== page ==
"What about Ronald Reagan? You know. Ronald Reagan. Ronald Reagan."
Ronald Reagan's name rolled off the tongue like the curl on his forehead.
"I'm aware of who our president is."
My dad looked up. I had made him smile.
"I believe you are referring to how your mother feels about him. But when she says he's 'evil,' she's just being figurative. The question you should ask is, What is evil? Plenty of people tell you what evil is. Evil is Gorbachev. Evil is Ararat. Evil is Castro."
"There's nothing in the Bible about what really constitutes evil. Evil in the twenty-first century, eh. But"-he tapped the notebook-"that's what I've been doing the last few weeks. Putting together a guidebook using scripture from the Bible. Getting to the root of what 'evil' is."
"Did you know that in 1975, Evel Knievel once jumped fourteen Greyhound buses?"
Father clicked the point of the ballpoint pen in and out, and in and out. I turned on my side and put my head in his lap. My father took long, deep breaths, exhaling through his nose. After a while he began taking more notes. The sun went behind a cloud and the color inside the tent went from the color of cash to February gray.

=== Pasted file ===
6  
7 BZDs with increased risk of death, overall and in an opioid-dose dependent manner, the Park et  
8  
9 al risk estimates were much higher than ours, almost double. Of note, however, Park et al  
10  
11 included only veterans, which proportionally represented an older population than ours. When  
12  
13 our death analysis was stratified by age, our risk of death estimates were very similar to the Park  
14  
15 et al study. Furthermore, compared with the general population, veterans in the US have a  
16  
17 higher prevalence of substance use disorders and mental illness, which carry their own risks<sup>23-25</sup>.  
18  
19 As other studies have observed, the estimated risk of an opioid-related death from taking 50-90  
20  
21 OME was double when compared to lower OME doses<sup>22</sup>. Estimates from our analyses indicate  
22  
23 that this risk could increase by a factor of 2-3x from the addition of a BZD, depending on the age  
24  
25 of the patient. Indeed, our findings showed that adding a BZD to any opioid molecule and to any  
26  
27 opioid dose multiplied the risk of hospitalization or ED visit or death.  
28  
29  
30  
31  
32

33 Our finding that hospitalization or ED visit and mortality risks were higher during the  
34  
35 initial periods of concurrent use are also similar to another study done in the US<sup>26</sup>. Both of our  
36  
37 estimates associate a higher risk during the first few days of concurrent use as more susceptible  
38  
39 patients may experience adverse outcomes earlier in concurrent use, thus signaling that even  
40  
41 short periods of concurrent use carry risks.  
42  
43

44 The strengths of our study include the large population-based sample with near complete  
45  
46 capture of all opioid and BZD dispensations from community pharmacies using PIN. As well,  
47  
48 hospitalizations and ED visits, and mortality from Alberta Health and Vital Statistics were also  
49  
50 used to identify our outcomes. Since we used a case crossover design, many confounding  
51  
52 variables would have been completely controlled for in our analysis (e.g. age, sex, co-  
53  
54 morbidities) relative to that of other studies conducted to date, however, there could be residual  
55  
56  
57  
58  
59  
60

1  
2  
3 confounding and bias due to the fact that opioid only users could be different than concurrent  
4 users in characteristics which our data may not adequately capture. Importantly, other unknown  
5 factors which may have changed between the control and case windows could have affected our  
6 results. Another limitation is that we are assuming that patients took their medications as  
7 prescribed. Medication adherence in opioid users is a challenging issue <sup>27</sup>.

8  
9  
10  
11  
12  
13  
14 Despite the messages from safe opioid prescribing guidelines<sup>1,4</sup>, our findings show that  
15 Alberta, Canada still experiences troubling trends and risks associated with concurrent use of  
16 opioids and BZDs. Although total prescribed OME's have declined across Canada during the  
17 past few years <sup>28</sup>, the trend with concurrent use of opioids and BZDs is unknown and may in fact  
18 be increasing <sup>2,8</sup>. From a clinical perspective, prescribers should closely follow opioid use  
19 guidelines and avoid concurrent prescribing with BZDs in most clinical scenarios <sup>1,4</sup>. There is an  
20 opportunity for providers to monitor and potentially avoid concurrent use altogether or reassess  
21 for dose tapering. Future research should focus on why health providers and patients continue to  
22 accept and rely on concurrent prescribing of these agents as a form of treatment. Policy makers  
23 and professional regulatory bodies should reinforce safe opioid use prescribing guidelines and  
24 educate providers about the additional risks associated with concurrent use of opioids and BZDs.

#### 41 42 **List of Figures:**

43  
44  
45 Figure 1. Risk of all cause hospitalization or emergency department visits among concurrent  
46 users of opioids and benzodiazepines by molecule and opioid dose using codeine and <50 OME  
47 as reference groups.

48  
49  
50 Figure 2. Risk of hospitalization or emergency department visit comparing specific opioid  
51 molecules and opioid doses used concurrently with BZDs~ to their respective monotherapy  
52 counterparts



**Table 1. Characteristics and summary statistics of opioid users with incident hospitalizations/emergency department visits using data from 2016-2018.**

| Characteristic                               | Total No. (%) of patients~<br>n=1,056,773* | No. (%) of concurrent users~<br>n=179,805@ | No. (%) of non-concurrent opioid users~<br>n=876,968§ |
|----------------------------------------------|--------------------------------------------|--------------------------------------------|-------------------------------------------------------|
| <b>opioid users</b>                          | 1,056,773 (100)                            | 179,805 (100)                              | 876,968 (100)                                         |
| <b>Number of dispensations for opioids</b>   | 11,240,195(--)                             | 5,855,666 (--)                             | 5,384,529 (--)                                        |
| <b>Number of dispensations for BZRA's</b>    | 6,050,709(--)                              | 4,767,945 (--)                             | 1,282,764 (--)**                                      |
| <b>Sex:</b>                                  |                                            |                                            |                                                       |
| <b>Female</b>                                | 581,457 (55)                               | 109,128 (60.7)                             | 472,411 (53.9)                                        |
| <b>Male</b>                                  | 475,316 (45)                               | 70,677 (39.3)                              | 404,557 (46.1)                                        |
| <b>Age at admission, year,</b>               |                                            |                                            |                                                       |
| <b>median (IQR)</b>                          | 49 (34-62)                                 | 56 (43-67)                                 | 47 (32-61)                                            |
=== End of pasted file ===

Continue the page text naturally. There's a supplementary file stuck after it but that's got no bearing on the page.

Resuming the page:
I closed my eyes and imagined that I was Evel, dressed in a slick white suit, blue and red arm tassels flapping as I sped along the motorway on my motorcycle. As the ramp got closer and closer, I focused my stare, cranked the accelerator, and gritted my teeth.
* * *
I woke up an hour later, head in my dad's lap, hungry enough to eat an entire Chinese buffet. He was reading. I rolled out of the tent and went inside to make some popcorn. My grandmother was watching The Jeffersons and shaking her head every time the canned audience laughed.
"I did laundry too," she said, nodding toward the television. "It's not difficult."
"Do you want popcorn?"
"No thank you," she said. Then she turned to the television again. "Look at them. Look at those wretched people. Well, at least you're a good boy. Can you bring me a glass of warm water?"
Excerpted from THE BOOK OF SAMUEL by Erik Raschke Copyright © 2009 by Erik Raschke. Excerpted by permission.